Thursday, June 26, 2014

Save Cement Lake

El Paso's best kept secret - a natural lake just north of Executive Blvd. not far from Sunland Park
The best kept secret in El Paso is (Portland) Cement Lake. Probably the vast majority of El Pasoans don't know about this treasure as they speed along I-10 just north of Executive Blvd. It was one of the top priorities for acquisition in the City's Open Space Master Plan (p. 5-44). About the lake that Plan states, "the existing lake is fed by area springs, and maintains an unusual wetlands ecosystem that is physically separated from the Rio Grande. The pond and surrounding vegetation is visible from I-10 and is the one green area in an otherwise heavily industrialized area."

The Franklins in the background

Fed by area springs from the Franklins?! Amazing. Definitely should be preserved. 

from Land Arts of the American West

Unusual wetlands ecosystem?! Amazing. Definitely should be preserved. 

Did the City acquire it from its previous owner Cemex? Nope. Who did? You had better sit down. TxDOT did! 

TxDOT did so along with plenty more acreage in an area where yet more interchanges will go along with what land is leftover that they hope to develop. It is rumored that they purchased the land for $35,000 an acre. That makes the 50 acres of Cement Lake worth $1.75 Million.  Of course preserving the wetlands would require land for connectivity and a buffer zone. 

Is there money in the Open Space budget to procure the land? Maybe not for there may already be recommended commitments by the increasingly non-transparent and secretive OSAB to purchase three other properties - all of which together do not even approach the value of a natural, spring-fed lake with an unusual wetlands ecosystem.

Click to enlarge. Preserve the lake? Preserve the arroyos?

Reportedly, TxDOT would like to Master Plan the area. (Perhaps be advised by Plan El Paso pp. 1.21, 4.3, 4.60, 4.61?) District Engineer Robert Bielek has let it be known that, to get the ball rolling on a Master Plan, an official letter from the City or PSB (or even a Council member?) is all that it would take. elpasonaturally knows that the Mayor and EPWU's John Balliew are in discussion. But a letter?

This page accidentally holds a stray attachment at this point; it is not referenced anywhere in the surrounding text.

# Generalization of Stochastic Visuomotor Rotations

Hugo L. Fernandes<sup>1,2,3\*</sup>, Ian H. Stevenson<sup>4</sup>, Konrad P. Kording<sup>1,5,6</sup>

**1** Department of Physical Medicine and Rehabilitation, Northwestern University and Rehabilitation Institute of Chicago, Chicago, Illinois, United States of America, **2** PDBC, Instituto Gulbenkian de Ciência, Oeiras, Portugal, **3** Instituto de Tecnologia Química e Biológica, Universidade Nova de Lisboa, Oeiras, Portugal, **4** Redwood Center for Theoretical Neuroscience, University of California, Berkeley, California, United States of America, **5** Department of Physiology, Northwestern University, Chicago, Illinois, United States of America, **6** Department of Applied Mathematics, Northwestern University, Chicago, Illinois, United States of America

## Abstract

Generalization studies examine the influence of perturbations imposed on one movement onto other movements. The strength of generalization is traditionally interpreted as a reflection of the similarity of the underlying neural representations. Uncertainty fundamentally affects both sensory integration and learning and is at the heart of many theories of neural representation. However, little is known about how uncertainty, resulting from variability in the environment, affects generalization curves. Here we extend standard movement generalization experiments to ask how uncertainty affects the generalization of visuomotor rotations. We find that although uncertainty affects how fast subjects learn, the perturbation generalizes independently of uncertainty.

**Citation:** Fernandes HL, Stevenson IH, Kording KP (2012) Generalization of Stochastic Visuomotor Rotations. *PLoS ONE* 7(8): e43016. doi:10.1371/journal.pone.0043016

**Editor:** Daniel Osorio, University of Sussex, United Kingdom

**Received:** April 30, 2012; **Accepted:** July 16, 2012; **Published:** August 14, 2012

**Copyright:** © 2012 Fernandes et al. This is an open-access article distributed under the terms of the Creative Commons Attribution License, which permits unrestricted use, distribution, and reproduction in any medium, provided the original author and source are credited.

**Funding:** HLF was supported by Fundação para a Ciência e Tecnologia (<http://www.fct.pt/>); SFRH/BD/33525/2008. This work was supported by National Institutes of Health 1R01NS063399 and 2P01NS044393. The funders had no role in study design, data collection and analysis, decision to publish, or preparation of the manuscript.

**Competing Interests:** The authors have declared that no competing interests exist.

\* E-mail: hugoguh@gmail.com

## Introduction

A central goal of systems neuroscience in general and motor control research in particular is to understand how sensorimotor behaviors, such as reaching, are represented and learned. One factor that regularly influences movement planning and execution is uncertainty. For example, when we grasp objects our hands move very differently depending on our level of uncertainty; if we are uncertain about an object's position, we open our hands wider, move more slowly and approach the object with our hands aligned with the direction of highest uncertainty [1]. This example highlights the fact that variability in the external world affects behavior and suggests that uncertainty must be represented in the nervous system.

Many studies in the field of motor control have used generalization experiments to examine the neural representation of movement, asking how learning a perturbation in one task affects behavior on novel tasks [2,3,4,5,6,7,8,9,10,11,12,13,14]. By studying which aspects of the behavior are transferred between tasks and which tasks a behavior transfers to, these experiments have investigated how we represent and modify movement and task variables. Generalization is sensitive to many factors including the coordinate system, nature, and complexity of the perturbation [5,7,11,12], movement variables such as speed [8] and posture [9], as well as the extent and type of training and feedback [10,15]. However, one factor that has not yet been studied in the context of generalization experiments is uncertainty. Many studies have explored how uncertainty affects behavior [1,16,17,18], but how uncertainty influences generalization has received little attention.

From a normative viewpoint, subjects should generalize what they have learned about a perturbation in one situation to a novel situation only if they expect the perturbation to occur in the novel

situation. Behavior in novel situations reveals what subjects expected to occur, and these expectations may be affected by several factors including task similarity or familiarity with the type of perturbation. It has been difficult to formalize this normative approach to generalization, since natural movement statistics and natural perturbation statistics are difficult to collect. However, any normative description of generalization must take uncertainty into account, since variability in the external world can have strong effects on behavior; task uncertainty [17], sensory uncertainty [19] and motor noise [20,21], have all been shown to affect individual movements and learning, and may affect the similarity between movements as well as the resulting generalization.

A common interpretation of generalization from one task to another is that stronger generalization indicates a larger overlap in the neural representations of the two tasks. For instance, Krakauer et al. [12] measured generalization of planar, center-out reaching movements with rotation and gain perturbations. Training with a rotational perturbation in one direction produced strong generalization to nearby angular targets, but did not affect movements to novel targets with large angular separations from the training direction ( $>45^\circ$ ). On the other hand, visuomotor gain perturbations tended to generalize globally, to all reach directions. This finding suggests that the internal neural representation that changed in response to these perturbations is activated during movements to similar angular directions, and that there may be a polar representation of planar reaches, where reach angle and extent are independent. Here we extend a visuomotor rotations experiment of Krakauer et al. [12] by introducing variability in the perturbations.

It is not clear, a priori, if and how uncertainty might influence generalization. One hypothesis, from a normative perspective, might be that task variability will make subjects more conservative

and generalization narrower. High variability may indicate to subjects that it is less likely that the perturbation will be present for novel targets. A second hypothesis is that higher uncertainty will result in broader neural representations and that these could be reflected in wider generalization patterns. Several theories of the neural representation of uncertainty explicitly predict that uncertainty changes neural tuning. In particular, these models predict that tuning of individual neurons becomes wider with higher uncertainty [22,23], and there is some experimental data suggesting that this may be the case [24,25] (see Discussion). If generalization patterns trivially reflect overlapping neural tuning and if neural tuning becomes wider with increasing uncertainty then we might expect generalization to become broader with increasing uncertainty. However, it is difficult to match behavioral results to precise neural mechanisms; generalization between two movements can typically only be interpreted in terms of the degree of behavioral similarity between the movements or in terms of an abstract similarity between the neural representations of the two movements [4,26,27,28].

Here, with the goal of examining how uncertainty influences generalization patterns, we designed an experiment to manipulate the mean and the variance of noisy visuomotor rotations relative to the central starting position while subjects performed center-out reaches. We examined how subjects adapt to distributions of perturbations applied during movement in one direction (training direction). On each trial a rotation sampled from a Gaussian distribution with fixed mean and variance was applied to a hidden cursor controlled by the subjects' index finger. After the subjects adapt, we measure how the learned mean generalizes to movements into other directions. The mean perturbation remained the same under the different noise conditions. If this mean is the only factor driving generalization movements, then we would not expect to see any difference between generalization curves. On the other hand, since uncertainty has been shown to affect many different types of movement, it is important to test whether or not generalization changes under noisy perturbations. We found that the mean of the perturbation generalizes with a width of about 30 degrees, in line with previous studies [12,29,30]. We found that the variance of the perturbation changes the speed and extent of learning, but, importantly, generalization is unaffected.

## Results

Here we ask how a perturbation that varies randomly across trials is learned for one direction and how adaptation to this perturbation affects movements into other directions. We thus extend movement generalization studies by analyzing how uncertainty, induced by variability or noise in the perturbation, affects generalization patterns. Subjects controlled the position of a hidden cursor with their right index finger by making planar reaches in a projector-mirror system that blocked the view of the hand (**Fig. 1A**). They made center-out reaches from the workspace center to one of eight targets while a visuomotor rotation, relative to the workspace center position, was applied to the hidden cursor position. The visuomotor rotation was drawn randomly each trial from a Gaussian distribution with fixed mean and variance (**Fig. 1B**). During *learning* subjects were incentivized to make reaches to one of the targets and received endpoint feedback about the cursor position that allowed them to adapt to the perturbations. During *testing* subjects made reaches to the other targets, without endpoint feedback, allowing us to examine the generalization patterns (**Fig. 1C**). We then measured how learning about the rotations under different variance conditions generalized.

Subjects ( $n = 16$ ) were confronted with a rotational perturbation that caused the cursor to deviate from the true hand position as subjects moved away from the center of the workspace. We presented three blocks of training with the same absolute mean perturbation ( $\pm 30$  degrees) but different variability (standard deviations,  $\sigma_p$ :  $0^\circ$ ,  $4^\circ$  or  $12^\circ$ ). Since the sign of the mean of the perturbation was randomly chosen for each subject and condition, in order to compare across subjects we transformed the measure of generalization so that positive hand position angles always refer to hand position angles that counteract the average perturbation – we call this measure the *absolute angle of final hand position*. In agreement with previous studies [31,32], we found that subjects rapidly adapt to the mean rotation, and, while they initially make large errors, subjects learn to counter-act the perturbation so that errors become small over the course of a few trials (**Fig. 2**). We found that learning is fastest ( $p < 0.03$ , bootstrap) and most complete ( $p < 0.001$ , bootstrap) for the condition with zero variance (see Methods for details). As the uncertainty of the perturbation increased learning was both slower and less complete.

One of the principal reasons for all the blood-letting at Lincoln Center was the failure to have a comprehensive discussion with all the stakeholders early on. (Too many plans that had to be kept behind a few closed doors.) In the case of Cement Lake, Bielek and TxDOT are letting it be known that they want to talk and plan ahead.

Noting that "green" is the bottom item of TxDOT's priorities (just below history and heritage and way below public art doodads on overpasses), the question is this: Will conservationists, wildlife officials, open space advocates and so forth be part of this discussion? Part of the team to preserve the natural lake as part of a Master Plan? As of right now, the doors are closed. The lips are sealed. The Open Records Requests are being drafted.

But consider, the Cement Lake Wetlands preserved would make a peaceful place to visit from the historic Barrio Buena Vista, Executive Blvd., Monticillo on the Ridge, anywhere in El Paso and the surrounding region - a green getaway for meditative peace and wildlife study not to mention ecotourism - much like Keystone Park

But will El Paso have the vision?

See also:

Basecamp El Paso's Wild swimming in the Portland Cement Reservoir

El Paso's Hidden Lake

Monday, June 23, 2014

A Carbon Dioxide Tax IS the Most Conservative Thing to Do

My new hero, Henry Paulson: Goldman Sachs Chairman, George W. Bush Treasury Secretary, Republican, Climate-Change Warrior
Do you support fiscally conservative risk management? Do you support less big government and more local control? Then, you should be for a carbon dioxide tax in response to the overwhelming evidence of a coming climate "crash". All of this according to Henry M. Paulson Jr., former Goldman Sachs Chairman and former Secretary of the Treasury under George W. Bush when the credit bubble burst in 2008. 

READ (and I mean READ) his jaw-dropping, game-changing op-ed piece published in the NY Times yesterday. READ it word for word. It makes HUGE sense.